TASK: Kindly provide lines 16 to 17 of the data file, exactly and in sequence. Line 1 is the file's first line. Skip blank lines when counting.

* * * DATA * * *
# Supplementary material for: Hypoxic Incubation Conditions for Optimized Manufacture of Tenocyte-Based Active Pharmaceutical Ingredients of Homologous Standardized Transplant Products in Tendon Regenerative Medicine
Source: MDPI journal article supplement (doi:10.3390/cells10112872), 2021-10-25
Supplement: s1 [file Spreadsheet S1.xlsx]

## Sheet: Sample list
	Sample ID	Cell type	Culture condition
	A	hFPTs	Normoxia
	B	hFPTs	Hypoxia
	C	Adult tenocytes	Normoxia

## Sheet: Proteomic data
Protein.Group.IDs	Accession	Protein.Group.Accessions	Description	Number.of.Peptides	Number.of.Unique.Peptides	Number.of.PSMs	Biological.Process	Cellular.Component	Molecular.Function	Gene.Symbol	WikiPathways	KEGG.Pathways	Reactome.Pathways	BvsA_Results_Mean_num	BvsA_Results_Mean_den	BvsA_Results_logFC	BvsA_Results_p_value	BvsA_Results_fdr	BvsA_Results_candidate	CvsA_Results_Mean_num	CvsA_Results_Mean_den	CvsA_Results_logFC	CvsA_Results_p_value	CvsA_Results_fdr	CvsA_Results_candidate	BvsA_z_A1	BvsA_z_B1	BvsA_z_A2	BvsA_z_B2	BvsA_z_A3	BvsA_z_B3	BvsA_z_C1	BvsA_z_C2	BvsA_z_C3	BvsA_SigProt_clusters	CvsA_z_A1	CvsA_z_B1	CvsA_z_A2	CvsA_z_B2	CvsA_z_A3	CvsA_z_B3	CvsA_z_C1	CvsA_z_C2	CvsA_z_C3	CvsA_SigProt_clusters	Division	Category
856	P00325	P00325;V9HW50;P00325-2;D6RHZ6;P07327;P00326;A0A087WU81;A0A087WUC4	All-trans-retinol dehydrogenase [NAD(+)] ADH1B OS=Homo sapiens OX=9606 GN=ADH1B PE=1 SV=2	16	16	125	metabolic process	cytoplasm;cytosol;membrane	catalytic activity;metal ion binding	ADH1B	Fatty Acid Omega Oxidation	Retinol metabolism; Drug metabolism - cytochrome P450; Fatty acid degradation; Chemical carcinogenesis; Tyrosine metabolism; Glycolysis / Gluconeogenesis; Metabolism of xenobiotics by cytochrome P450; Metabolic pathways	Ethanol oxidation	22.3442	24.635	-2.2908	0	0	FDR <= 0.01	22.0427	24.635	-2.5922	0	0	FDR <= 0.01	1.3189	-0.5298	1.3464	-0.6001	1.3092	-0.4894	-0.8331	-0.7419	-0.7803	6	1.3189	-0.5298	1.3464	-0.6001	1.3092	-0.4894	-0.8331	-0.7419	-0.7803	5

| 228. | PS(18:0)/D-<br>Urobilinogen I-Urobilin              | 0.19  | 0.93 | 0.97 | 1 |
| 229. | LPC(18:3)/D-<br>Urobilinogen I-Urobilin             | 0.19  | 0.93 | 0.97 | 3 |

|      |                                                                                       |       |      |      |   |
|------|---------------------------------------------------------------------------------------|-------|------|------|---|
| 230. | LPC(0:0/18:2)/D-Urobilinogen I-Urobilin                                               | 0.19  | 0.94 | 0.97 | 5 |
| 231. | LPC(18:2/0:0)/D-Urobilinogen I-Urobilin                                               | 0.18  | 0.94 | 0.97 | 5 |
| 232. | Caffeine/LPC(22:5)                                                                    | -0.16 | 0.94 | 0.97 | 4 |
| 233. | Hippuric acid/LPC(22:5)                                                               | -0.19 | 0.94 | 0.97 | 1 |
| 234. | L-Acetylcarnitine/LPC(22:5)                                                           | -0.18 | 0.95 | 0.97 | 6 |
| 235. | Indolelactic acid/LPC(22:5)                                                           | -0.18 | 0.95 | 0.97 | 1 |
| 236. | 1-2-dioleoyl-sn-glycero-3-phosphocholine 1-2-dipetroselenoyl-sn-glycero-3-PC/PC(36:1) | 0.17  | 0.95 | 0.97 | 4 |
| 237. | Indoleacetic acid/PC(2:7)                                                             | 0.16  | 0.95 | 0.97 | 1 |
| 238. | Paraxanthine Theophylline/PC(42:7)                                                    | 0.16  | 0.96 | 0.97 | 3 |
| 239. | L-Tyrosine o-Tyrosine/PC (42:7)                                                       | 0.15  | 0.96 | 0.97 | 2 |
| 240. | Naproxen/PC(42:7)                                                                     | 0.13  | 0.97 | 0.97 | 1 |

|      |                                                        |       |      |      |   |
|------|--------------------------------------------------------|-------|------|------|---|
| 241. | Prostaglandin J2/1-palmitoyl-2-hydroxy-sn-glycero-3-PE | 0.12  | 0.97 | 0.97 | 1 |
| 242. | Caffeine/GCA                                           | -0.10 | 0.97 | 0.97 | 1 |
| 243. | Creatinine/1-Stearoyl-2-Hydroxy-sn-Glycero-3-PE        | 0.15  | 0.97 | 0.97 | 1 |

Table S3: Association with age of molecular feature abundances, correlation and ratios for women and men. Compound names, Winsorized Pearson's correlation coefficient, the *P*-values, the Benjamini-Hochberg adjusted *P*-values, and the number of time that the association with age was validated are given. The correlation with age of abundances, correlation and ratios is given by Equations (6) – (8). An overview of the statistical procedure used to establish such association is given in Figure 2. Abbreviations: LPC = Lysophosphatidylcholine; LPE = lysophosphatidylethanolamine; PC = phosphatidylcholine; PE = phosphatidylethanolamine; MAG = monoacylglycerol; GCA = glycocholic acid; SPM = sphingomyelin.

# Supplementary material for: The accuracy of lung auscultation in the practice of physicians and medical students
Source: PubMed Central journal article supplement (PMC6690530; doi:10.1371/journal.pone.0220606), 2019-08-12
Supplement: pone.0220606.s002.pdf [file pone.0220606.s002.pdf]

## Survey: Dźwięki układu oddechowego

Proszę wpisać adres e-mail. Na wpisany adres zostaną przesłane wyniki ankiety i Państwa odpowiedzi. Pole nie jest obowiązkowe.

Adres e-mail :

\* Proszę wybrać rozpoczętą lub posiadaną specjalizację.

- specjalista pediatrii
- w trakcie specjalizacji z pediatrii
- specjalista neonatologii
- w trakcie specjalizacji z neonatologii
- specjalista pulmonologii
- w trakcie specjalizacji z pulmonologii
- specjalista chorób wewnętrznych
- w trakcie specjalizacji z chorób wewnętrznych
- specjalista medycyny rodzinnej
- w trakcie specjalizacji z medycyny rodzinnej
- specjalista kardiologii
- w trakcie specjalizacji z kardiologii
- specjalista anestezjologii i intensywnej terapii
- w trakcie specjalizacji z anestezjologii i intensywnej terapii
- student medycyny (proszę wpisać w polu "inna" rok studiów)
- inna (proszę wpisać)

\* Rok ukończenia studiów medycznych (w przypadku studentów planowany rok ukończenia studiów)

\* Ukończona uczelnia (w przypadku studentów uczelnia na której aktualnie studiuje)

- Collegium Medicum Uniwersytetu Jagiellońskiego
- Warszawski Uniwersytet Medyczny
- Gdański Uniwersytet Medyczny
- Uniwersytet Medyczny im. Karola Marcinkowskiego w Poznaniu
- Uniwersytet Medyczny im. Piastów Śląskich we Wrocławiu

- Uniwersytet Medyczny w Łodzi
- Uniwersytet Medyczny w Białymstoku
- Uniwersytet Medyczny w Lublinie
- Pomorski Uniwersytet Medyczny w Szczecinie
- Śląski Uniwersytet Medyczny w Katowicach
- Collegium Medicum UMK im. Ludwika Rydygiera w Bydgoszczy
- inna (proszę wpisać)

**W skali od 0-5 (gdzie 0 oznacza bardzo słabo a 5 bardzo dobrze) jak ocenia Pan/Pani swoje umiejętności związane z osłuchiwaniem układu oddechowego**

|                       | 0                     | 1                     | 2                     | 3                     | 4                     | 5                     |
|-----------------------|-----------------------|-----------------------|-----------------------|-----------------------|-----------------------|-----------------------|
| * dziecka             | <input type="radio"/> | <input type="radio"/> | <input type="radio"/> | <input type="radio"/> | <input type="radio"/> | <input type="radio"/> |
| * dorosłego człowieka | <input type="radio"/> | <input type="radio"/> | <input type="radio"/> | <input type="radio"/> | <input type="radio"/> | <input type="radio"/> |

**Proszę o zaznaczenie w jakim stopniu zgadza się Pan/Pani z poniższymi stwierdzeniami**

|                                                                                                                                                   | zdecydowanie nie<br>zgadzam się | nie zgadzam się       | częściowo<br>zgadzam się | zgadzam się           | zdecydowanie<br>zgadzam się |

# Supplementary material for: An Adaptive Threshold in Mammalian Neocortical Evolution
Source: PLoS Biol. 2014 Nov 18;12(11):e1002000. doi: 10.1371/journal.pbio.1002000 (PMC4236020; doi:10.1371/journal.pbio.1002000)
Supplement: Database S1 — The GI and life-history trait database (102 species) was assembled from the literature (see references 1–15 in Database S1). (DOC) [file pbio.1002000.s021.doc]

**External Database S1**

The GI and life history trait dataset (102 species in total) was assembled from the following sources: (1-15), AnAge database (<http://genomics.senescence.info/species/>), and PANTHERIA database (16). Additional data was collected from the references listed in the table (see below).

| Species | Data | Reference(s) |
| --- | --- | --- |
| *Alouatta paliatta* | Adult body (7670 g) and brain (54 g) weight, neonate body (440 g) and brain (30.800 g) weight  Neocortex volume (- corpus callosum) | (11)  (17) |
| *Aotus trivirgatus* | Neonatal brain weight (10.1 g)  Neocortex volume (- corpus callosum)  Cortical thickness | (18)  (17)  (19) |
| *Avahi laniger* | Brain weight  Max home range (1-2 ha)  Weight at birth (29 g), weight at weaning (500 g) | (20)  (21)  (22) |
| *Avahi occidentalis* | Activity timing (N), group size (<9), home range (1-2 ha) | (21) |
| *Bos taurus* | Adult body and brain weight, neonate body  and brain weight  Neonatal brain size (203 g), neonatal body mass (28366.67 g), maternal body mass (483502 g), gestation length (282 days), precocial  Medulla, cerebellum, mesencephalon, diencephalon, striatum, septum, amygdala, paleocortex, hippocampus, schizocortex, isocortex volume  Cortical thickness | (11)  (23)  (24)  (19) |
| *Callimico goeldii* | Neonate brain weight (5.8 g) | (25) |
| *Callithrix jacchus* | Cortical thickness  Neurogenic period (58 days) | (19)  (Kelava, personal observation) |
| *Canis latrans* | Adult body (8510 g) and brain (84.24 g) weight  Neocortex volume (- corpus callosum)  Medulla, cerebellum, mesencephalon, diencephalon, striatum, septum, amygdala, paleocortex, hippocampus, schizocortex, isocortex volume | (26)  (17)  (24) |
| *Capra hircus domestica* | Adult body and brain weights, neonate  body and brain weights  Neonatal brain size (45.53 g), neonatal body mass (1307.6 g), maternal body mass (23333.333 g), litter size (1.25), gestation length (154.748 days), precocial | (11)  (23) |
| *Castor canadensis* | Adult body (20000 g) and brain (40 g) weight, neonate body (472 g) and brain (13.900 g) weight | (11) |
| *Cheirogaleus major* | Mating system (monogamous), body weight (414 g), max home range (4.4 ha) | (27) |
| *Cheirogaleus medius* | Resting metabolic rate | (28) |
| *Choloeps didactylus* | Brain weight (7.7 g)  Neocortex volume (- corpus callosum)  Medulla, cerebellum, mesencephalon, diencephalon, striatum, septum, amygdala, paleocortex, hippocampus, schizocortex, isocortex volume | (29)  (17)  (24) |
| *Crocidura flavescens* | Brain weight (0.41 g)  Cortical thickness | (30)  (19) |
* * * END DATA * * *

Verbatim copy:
| 230. | LPC(0:0/18:2)/D-Urobilinogen I-Urobilin                                               | 0.19  | 0.94 | 0.97 | 5 |
| 231. | LPC(18:2/0:0)/D-Urobilinogen I-Urobilin                                               | 0.18  | 0.94 | 0.97 | 5 |